During a pandemic, state or national emergency, these are generally handled the same unless executive orders motion otherwise, like the Families First Coronavirus Response Act (FFCRA) and Coronavirus Aid, Relief and Economic Security Act (CARES Act), for example.
When determining which route to take, however, Maggiotto says there are four factors that should be considered: people first, planning, ethical decision making and cashflow/cash reserves.
“From the people first standpoint, it’s really, ‘Does the company have the focus on people? Are they committed to caring for the people first and foremost?’” Although this sounds like basic leadership, Maggiotto says there are business that look at people as replaceable.
“This crisis and future crises alike, is really going to shine a great light on the significant magnitude of businesses where leadership is not focusing on people as much, versus those who really do,” he says.
According to Maggiotto, strategic planning is the “cornerstone” of businesses and it is “critical” to have a continuity plan, infectious disease control plan and disaster recovery plan.
Since a large part of the green industry is made up of smaller companies, Maggiotto says he often sees owners neglect creating missions, visions and values. But according to him, when entrepreneurs build their business plan and complete the required documentation, they can be drawn from those files.
“It’s time to pull those out and put them on something employees can see because those missions, visions and value statements form the ethical culture of your organization and should be the yardstick against which all decisions are being made.”
Cashflow and cash reserves
Given COVID-19’s abruptness, Maggiotto says cashflow and cash reserves are causing “knee-jerk reactions.” While most businesses share concern for their employees and aim to make ethical decisions, having cashflow and cash reserves is a determining factor.
But even given these circumstances, Maggiotto says referring to your “yardstick” is important.
“You should always be referencing the mission, vision and values to ensure that the decisions you’re making are ethical and that you are transparently communicating the what, why and how with your employees. How you exit is just as important as how you enter and how you operate your business,” he says.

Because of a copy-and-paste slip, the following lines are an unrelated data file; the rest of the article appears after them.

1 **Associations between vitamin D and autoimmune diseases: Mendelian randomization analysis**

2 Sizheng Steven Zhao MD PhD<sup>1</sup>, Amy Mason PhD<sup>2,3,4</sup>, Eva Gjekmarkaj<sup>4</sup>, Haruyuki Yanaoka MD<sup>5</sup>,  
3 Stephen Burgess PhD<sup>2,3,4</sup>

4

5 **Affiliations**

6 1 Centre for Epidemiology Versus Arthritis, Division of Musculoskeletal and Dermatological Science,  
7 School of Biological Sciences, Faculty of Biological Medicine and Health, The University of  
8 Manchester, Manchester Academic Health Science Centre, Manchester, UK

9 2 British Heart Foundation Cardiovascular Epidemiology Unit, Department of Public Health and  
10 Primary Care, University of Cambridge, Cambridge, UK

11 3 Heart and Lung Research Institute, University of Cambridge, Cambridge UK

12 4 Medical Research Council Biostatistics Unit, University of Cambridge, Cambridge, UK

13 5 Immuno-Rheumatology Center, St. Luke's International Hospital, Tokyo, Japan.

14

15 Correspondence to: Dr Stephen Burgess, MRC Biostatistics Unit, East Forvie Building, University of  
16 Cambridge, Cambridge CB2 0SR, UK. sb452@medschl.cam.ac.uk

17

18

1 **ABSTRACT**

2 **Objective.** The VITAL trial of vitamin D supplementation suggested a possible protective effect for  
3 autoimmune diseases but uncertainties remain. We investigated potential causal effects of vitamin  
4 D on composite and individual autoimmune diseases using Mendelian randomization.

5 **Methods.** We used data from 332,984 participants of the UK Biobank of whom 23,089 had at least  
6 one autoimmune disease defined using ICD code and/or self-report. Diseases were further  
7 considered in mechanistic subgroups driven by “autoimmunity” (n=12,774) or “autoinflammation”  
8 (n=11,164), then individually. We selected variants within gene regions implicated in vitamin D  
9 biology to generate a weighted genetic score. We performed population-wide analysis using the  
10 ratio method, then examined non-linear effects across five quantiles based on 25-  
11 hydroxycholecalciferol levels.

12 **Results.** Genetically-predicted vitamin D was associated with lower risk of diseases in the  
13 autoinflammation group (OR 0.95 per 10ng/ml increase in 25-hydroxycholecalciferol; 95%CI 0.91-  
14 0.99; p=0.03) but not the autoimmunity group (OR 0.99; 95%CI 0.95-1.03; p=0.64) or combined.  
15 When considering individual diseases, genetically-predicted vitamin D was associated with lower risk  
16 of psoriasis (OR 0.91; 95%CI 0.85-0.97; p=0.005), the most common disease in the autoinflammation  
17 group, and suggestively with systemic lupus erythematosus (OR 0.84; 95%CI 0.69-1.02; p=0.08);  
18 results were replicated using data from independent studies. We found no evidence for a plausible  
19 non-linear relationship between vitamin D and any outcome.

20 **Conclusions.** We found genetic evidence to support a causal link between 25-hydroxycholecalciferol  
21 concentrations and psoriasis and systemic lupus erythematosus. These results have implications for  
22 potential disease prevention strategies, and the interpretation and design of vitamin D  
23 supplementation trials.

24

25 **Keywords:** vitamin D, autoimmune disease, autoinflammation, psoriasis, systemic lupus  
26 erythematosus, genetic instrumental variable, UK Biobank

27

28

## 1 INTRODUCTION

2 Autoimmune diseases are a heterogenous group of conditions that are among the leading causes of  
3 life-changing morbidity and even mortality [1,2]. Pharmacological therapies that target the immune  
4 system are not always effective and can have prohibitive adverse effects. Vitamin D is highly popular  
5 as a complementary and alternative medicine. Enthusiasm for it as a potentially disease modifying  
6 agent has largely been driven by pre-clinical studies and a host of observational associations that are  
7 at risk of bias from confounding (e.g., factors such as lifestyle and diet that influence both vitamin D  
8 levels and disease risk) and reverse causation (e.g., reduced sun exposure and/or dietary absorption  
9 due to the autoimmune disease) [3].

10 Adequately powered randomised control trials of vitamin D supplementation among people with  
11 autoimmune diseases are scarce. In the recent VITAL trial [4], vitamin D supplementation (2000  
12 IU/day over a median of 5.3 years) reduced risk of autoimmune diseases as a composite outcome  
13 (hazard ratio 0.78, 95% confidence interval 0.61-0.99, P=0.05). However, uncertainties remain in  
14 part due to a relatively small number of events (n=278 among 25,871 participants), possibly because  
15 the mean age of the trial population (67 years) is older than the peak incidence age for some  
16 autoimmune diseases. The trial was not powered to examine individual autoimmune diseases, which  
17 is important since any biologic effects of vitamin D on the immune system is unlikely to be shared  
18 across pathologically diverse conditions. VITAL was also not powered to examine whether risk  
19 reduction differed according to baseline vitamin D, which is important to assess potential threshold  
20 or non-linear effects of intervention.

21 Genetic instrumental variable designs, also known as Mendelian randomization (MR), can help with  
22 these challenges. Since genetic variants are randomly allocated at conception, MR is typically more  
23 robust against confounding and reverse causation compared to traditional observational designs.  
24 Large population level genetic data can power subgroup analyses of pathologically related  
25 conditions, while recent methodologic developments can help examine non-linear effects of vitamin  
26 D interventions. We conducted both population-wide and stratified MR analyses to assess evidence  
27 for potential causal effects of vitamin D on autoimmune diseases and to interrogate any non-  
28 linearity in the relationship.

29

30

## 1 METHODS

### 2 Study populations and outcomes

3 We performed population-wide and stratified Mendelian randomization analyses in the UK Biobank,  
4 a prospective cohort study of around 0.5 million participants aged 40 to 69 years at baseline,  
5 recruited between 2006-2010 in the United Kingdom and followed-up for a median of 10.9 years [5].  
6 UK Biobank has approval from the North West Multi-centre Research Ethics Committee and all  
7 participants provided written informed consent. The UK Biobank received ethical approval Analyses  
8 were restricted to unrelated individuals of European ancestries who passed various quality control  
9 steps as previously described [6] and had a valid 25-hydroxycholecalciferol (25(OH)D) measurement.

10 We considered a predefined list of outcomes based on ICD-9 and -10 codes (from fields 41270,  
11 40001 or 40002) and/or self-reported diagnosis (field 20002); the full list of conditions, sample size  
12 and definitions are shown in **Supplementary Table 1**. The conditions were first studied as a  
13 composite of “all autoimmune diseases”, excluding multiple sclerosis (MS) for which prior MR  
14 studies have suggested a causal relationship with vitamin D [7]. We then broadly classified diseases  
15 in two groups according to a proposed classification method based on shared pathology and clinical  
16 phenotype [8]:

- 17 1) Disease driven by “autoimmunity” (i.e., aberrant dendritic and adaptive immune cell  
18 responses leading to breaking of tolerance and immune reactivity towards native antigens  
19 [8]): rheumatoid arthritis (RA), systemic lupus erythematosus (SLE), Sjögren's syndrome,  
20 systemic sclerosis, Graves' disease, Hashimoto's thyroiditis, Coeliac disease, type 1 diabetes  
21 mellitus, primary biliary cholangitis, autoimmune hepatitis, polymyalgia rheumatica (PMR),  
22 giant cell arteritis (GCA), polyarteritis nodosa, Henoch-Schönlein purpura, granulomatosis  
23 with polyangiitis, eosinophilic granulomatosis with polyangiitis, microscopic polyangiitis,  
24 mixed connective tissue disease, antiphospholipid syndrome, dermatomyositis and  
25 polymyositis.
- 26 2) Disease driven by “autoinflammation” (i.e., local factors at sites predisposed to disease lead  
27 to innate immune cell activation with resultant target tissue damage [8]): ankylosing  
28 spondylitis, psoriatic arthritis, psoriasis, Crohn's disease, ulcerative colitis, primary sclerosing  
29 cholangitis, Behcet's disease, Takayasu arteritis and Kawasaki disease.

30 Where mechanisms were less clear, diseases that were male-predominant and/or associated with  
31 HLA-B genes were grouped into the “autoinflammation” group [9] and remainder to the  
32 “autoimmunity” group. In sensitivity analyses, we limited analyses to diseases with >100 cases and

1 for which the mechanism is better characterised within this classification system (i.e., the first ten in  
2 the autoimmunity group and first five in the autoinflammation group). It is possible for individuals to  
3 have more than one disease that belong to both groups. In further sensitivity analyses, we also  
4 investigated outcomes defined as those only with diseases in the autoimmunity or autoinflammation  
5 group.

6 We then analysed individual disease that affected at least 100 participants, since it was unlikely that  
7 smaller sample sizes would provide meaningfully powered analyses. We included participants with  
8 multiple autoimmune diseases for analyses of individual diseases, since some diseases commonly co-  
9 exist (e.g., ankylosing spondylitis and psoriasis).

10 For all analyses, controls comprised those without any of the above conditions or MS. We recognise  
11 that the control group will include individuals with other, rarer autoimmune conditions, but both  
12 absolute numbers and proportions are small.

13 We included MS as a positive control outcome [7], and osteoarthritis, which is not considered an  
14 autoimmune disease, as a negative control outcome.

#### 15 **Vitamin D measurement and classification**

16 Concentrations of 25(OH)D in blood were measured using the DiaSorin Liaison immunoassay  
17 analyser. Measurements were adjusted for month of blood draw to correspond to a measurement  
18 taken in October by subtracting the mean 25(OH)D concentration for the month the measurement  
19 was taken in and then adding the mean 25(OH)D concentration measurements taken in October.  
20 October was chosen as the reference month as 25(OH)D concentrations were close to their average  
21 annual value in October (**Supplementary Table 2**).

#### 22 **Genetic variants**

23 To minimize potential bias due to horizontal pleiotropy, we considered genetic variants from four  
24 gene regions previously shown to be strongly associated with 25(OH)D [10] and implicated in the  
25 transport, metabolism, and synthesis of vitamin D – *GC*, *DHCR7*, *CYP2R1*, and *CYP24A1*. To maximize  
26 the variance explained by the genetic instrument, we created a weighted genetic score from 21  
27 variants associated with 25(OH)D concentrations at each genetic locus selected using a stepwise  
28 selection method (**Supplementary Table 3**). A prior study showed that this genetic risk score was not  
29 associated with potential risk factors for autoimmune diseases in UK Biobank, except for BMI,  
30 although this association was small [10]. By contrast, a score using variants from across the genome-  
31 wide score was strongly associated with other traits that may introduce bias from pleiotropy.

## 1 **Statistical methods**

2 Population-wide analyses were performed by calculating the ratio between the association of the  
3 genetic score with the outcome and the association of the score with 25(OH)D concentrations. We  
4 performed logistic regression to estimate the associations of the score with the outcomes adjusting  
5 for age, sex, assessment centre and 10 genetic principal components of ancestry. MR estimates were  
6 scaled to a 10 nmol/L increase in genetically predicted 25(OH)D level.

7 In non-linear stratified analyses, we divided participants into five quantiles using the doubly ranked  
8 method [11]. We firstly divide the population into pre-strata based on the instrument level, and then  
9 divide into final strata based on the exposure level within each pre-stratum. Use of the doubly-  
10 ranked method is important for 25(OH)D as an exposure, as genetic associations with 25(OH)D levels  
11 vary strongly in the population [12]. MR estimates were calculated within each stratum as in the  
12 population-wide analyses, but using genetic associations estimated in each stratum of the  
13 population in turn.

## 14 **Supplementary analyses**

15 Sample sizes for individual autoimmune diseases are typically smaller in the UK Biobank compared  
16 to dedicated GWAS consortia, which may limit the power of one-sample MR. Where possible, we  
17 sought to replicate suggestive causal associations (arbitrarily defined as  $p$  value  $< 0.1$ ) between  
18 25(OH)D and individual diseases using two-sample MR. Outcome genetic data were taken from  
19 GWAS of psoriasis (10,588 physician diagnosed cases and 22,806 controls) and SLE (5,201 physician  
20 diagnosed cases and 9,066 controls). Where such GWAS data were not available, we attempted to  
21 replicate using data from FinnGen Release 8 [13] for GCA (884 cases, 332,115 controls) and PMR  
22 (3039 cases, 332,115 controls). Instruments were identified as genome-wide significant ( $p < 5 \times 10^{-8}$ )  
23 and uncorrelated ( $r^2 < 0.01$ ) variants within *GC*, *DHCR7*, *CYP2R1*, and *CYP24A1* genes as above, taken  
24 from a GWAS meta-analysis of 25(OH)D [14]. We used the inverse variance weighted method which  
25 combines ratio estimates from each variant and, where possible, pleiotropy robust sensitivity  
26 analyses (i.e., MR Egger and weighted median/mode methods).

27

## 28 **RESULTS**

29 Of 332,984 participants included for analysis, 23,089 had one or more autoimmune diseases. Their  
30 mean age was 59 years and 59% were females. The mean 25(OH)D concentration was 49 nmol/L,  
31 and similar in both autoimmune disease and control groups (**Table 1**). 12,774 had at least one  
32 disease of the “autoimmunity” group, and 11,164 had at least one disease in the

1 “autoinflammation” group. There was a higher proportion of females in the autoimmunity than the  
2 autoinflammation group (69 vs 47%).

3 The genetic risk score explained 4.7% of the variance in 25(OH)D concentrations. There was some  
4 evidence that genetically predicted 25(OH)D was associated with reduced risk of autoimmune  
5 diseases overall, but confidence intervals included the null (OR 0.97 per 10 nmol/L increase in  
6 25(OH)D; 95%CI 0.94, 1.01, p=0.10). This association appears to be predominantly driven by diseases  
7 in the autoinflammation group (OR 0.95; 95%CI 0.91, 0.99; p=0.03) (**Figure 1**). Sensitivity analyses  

Todd Downing, managing partner and co-founder of Best Human Capital & Advisory Group, agrees with Maggiotto and says candid conversations are best.
“If we don’t know information, it’s human nature to start conjecturing and making up facts,” he says. “That’s why we have to be transparent, especially at a time like this. How you treat people during a crisis is a reflection of the leadership’s values and who you really want to be.”
But how are terminations, layoffs and furloughs completed without discriminating? Since many smaller employers lack strategic HR professionals, Downing says they’re needed to help ensure ethical, yet professional decisions and to avoid disparate treatment or disparate impact.
Disparate treatment is considered intentional discrimination and disparate impact is considered a product of a “good faith attempt” gone wrong that negatively impacts one or more protected classes. To eliminate their potential, both Downing and Maggiotto stress the importance of hiring an HR professional; one who is strategic and equipped to protect companies from liability, but also provide employer rights.
“When a business decision is made, as long as it can be supported by a solid business case focused on business necessity, then in general, the business should be able to avoid any difficult situations,” Downing says.
During a pandemic like COVID-19, to balance this, they suggest making decisions that surround the idea that everyone — employers and employees — have an obligation to protect society and their families, and do what’s best for one another.
“One of the key things to remember — which is hard to do since we’re still in the early stages and have not yet hit peaks almost anywhere in the U.S. — is that this will pass,” Maggiotto says. “And businesses need to be prepared to have a plan to normalize those operations as quickly as possible.”